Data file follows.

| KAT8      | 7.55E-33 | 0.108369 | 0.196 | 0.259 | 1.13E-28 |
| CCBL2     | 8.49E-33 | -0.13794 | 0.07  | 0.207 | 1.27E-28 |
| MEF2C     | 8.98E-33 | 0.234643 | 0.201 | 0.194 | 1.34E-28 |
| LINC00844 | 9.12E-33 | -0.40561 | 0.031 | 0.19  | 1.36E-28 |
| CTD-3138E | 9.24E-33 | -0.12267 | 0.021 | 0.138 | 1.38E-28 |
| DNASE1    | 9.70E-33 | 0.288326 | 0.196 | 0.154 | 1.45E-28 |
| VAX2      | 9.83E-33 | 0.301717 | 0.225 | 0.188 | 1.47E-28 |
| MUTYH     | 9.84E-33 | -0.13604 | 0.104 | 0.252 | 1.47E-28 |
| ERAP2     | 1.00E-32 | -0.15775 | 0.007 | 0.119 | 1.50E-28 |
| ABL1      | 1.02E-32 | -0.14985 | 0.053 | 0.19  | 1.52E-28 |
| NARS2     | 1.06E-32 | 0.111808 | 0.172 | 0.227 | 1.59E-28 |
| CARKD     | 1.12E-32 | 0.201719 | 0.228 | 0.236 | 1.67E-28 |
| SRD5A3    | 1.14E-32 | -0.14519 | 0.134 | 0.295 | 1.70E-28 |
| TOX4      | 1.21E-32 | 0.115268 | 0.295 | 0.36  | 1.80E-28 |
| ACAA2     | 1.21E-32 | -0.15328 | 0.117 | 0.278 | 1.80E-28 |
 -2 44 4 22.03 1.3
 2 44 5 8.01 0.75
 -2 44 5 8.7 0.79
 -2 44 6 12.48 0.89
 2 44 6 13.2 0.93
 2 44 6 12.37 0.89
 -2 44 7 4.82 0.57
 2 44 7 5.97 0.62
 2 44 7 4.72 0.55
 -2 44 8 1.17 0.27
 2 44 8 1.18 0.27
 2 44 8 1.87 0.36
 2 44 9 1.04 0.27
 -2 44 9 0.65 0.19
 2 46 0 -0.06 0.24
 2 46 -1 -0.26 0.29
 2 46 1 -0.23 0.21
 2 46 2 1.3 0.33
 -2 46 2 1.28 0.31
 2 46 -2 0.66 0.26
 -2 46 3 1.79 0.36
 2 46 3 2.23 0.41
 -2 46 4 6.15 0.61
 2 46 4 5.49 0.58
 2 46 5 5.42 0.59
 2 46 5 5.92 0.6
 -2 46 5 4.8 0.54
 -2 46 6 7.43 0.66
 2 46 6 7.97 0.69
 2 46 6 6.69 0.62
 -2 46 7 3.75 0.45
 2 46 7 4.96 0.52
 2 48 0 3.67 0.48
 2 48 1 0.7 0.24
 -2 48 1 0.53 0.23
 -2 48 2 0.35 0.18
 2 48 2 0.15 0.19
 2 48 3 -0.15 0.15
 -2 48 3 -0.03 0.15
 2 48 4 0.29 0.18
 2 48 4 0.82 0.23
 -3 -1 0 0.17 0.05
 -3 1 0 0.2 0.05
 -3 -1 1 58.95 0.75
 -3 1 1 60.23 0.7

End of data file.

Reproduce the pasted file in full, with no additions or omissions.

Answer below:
| KAT8      | 7.55E-33 | 0.108369 | 0.196 | 0.259 | 1.13E-28 |
| CCBL2     | 8.49E-33 | -0.13794 | 0.07  | 0.207 | 1.27E-28 |
| MEF2C     | 8.98E-33 | 0.234643 | 0.201 | 0.194 | 1.34E-28 |
| LINC00844 | 9.12E-33 | -0.40561 | 0.031 | 0.19  | 1.36E-28 |
| CTD-3138E | 9.24E-33 | -0.12267 | 0.021 | 0.138 | 1.38E-28 |
| DNASE1    | 9.70E-33 | 0.288326 | 0.196 | 0.154 | 1.45E-28 |
| VAX2      | 9.83E-33 | 0.301717 | 0.225 | 0.188 | 1.47E-28 |
| MUTYH     | 9.84E-33 | -0.13604 | 0.104 | 0.252 | 1.47E-28 |
| ERAP2     | 1.00E-32 | -0.15775 | 0.007 | 0.119 | 1.50E-28 |
| ABL1      | 1.02E-32 | -0.14985 | 0.053 | 0.19  | 1.52E-28 |
| NARS2     | 1.06E-32 | 0.111808 | 0.172 | 0.227 | 1.59E-28 |
| CARKD     | 1.12E-32 | 0.201719 | 0.228 | 0.236 | 1.67E-28 |
| SRD5A3    | 1.14E-32 | -0.14519 | 0.134 | 0.295 | 1.70E-28 |
| TOX4      | 1.21E-32 | 0.115268 | 0.295 | 0.36  | 1.80E-28 |
| ACAA2     | 1.21E-32 | -0.15328 | 0.117 | 0.278 | 1.80E-28 |
 -2 44 4 22.03 1.3
 2 44 5 8.01 0.75
 -2 44 5 8.7 0.79
 -2 44 6 12.48 0.89
 2 44 6 13.2 0.93
 2 44 6 12.37 0.89
 -2 44 7 4.82 0.57
 2 44 7 5.97 0.62
 2 44 7 4.72 0.55
 -2 44 8 1.17 0.27
 2 44 8 1.18 0.27
 2 44 8 1.87 0.36
 2 44 9 1.04 0.27
 -2 44 9 0.65 0.19
 2 46 0 -0.06 0.24
 2 46 -1 -0.26 0.29
 2 46 1 -0.23 0.21
 2 46 2 1.3 0.33
 -2 46 2 1.28 0.31
 2 46 -2 0.66 0.26
 -2 46 3 1.79 0.36
 2 46 3 2.23 0.41
 -2 46 4 6.15 0.61
 2 46 4 5.49 0.58
 2 46 5 5.42 0.59
 2 46 5 5.92 0.6
 -2 46 5 4.8 0.54
 -2 46 6 7.43 0.66
 2 46 6 7.97 0.69
 2 46 6 6.69 0.62
 -2 46 7 3.75 0.45
 2 46 7 4.96 0.52
 2 48 0 3.67 0.48
 2 48 1 0.7 0.24
 -2 48 1 0.53 0.23
 -2 48 2 0.35 0.18
 2 48 2 0.15 0.19
 2 48 3 -0.15 0.15
 -2 48 3 -0.03 0.15
 2 48 4 0.29 0.18
 2 48 4 0.82 0.23
 -3 -1 0 0.17 0.05
 -3 1 0 0.2 0.05
 -3 -1 1 58.95 0.75
 -3 1 1 60.23 0.7